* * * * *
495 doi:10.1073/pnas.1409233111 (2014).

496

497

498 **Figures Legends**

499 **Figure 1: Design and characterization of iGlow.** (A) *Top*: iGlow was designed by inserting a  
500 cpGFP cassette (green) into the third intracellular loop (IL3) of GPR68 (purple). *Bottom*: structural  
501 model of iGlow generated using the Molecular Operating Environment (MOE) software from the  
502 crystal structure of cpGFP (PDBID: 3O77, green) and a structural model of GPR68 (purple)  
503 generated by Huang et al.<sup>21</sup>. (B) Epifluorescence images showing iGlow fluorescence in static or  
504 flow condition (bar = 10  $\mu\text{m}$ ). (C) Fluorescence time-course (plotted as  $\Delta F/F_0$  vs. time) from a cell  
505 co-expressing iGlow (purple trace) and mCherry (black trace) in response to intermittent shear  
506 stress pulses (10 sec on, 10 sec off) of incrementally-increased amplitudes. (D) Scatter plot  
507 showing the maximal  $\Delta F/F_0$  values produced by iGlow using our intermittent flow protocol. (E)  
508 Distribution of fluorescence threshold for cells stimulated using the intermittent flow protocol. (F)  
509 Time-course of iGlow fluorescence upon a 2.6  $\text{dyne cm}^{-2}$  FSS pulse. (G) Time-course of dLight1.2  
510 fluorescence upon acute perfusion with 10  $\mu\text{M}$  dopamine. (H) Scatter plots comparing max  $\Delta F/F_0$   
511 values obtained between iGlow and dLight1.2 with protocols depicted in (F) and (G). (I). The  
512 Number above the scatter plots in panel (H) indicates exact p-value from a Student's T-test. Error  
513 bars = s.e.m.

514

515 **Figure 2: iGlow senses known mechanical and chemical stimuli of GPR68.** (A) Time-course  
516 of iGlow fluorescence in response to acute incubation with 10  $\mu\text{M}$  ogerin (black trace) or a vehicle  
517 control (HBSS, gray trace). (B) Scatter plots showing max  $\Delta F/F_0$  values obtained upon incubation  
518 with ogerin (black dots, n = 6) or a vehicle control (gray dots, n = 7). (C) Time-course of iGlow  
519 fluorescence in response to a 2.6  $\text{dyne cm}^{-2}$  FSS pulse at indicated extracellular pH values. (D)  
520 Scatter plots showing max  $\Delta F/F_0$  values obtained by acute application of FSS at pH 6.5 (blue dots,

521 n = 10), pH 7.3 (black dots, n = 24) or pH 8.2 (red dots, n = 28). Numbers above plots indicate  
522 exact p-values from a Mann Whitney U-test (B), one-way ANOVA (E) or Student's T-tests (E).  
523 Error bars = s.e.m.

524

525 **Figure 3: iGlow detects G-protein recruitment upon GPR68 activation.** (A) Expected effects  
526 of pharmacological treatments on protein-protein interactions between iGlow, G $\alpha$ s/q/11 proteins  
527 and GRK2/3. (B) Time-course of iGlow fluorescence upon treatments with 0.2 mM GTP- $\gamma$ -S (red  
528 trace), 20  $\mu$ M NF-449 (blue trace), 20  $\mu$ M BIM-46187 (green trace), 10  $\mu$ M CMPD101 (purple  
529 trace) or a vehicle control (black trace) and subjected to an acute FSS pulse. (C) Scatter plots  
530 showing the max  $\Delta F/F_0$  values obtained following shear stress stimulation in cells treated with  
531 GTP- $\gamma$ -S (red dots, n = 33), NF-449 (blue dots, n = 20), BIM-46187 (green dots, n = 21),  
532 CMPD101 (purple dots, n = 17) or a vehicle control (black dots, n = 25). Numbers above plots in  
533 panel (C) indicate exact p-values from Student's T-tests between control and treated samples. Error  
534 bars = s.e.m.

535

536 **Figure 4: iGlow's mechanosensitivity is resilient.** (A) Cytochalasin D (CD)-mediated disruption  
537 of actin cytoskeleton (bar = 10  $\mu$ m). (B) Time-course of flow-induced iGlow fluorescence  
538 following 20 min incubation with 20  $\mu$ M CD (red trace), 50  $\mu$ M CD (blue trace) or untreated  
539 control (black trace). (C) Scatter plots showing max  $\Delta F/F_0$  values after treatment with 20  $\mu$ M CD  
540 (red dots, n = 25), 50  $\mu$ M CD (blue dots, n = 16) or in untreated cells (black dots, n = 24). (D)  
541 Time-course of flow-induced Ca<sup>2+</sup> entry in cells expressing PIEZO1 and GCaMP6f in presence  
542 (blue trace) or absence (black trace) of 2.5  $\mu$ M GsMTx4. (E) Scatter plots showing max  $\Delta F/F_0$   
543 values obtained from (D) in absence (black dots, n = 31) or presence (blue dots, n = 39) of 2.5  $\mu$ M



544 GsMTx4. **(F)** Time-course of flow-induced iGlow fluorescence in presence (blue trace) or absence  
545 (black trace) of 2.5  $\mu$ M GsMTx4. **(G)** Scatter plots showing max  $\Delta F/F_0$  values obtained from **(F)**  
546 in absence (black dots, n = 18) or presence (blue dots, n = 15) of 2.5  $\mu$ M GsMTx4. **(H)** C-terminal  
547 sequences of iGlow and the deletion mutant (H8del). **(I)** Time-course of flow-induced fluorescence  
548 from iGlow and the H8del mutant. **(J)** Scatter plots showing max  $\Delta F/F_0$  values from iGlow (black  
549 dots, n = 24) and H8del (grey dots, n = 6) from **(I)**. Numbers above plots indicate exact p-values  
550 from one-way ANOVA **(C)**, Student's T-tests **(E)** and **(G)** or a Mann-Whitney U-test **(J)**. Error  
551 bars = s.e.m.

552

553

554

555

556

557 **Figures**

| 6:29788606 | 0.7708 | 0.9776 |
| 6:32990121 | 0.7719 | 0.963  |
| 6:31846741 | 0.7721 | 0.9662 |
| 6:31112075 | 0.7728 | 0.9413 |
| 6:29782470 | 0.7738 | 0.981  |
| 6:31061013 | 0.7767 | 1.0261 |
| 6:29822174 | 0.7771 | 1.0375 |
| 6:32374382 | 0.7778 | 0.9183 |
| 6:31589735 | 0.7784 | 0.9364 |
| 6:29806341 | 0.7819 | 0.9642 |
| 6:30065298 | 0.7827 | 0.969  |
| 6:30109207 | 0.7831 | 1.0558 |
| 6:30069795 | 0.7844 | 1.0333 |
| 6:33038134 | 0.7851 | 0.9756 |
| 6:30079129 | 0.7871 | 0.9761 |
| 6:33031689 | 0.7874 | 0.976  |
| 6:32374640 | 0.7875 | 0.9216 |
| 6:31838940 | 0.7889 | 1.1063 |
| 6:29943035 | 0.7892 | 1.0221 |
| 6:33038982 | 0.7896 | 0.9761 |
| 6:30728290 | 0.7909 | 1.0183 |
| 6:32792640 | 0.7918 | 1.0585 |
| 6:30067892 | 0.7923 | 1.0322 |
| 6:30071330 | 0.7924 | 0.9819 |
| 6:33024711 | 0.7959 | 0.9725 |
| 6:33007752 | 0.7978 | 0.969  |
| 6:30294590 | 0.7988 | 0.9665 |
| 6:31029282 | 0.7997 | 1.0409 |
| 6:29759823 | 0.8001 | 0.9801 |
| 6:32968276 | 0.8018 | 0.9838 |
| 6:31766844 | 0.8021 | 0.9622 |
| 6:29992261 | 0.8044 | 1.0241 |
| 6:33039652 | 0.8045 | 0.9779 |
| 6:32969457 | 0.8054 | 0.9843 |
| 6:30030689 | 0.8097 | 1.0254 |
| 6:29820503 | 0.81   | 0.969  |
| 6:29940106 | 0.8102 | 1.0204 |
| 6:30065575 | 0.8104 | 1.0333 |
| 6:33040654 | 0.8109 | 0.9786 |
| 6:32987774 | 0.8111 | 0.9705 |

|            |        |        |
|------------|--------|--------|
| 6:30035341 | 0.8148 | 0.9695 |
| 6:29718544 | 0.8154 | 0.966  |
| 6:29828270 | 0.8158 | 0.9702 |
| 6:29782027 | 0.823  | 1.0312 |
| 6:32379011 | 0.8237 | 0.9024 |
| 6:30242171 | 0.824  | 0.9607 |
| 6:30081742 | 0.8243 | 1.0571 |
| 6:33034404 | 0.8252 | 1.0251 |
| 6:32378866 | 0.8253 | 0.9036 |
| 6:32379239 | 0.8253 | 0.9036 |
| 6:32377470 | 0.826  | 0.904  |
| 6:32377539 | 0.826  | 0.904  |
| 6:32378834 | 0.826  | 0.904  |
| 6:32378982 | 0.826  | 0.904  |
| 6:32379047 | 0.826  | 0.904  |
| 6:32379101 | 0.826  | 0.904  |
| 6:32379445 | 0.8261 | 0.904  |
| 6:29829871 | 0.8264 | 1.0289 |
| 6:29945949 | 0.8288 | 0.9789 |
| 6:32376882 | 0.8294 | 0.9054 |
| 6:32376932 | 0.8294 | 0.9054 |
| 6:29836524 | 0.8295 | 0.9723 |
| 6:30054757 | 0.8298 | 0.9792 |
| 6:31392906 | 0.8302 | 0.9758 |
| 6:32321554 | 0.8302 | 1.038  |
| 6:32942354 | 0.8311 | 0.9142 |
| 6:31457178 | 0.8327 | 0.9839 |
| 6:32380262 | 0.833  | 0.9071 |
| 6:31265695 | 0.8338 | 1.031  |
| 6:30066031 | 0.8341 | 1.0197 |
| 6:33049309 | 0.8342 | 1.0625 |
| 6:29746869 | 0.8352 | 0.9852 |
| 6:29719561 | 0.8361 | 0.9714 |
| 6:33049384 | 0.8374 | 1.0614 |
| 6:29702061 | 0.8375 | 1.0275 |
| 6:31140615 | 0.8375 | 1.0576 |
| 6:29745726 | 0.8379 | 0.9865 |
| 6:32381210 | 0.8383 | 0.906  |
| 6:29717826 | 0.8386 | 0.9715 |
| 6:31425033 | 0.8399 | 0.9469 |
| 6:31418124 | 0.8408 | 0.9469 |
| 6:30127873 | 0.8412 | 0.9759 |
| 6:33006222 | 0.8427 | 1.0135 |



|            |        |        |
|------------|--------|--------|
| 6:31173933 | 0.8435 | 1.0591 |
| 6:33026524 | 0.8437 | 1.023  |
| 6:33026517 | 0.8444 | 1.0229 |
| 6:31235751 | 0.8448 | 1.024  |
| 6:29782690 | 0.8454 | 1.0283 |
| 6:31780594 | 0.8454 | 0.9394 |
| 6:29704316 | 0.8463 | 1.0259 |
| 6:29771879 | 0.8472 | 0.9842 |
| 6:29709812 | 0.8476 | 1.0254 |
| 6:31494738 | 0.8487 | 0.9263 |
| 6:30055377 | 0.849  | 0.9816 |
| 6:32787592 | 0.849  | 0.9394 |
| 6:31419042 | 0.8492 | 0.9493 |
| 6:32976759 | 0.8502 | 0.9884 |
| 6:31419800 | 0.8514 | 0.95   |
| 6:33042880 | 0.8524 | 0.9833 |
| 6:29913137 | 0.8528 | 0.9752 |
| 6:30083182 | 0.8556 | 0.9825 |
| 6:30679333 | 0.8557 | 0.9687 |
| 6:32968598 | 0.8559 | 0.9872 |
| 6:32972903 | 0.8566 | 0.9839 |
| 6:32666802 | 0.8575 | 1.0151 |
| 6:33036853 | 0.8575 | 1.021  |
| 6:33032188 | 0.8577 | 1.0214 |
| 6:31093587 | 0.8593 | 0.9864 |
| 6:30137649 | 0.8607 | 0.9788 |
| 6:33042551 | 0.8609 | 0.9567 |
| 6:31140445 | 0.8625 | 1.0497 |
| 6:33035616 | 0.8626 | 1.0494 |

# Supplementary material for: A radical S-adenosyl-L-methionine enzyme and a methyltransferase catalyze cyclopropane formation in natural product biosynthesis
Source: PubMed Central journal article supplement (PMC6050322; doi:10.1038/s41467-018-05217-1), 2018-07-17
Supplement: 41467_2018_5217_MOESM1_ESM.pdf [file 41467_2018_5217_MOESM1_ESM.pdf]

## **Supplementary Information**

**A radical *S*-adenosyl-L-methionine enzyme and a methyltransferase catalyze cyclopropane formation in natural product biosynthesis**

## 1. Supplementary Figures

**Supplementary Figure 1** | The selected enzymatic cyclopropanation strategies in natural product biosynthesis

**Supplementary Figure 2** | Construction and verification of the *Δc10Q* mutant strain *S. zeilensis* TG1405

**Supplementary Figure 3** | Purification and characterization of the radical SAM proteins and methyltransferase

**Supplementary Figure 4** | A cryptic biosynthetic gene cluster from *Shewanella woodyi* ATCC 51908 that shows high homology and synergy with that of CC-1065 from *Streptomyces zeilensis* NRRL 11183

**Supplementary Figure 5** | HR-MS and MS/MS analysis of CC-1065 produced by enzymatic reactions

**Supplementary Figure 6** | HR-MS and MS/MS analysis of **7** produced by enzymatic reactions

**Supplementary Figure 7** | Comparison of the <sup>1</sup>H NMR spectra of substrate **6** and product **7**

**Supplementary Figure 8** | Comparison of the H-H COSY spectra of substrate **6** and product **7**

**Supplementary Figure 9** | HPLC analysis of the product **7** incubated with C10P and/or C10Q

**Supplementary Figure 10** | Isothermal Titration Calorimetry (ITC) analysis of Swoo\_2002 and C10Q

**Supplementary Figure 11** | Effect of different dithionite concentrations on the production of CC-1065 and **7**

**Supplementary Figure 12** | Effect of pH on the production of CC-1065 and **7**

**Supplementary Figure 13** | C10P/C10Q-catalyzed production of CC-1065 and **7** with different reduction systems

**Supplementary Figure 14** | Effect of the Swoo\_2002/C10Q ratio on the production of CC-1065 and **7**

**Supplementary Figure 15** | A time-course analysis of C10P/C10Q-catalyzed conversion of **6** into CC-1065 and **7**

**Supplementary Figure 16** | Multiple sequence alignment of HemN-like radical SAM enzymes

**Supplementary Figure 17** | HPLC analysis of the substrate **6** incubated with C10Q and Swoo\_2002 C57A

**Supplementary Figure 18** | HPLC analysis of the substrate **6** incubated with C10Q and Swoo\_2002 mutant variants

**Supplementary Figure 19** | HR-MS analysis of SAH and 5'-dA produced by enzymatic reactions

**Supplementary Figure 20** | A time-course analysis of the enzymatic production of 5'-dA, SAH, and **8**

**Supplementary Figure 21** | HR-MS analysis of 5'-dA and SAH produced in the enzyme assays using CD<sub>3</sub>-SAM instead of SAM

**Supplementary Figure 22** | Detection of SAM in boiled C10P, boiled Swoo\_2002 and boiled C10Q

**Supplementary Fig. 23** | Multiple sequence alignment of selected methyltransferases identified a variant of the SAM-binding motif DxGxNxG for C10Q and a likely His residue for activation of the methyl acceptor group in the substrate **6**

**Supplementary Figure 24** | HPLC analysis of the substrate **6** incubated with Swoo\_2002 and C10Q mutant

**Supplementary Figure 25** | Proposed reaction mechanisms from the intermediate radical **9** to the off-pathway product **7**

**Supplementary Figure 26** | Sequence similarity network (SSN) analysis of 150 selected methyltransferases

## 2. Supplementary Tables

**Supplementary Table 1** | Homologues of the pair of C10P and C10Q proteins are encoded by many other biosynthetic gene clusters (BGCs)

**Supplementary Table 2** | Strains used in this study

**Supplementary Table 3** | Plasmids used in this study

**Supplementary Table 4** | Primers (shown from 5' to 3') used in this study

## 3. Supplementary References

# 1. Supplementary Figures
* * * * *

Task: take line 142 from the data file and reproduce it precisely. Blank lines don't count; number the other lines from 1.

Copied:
| 6:29745726 | 0.8379 | 0.9865 |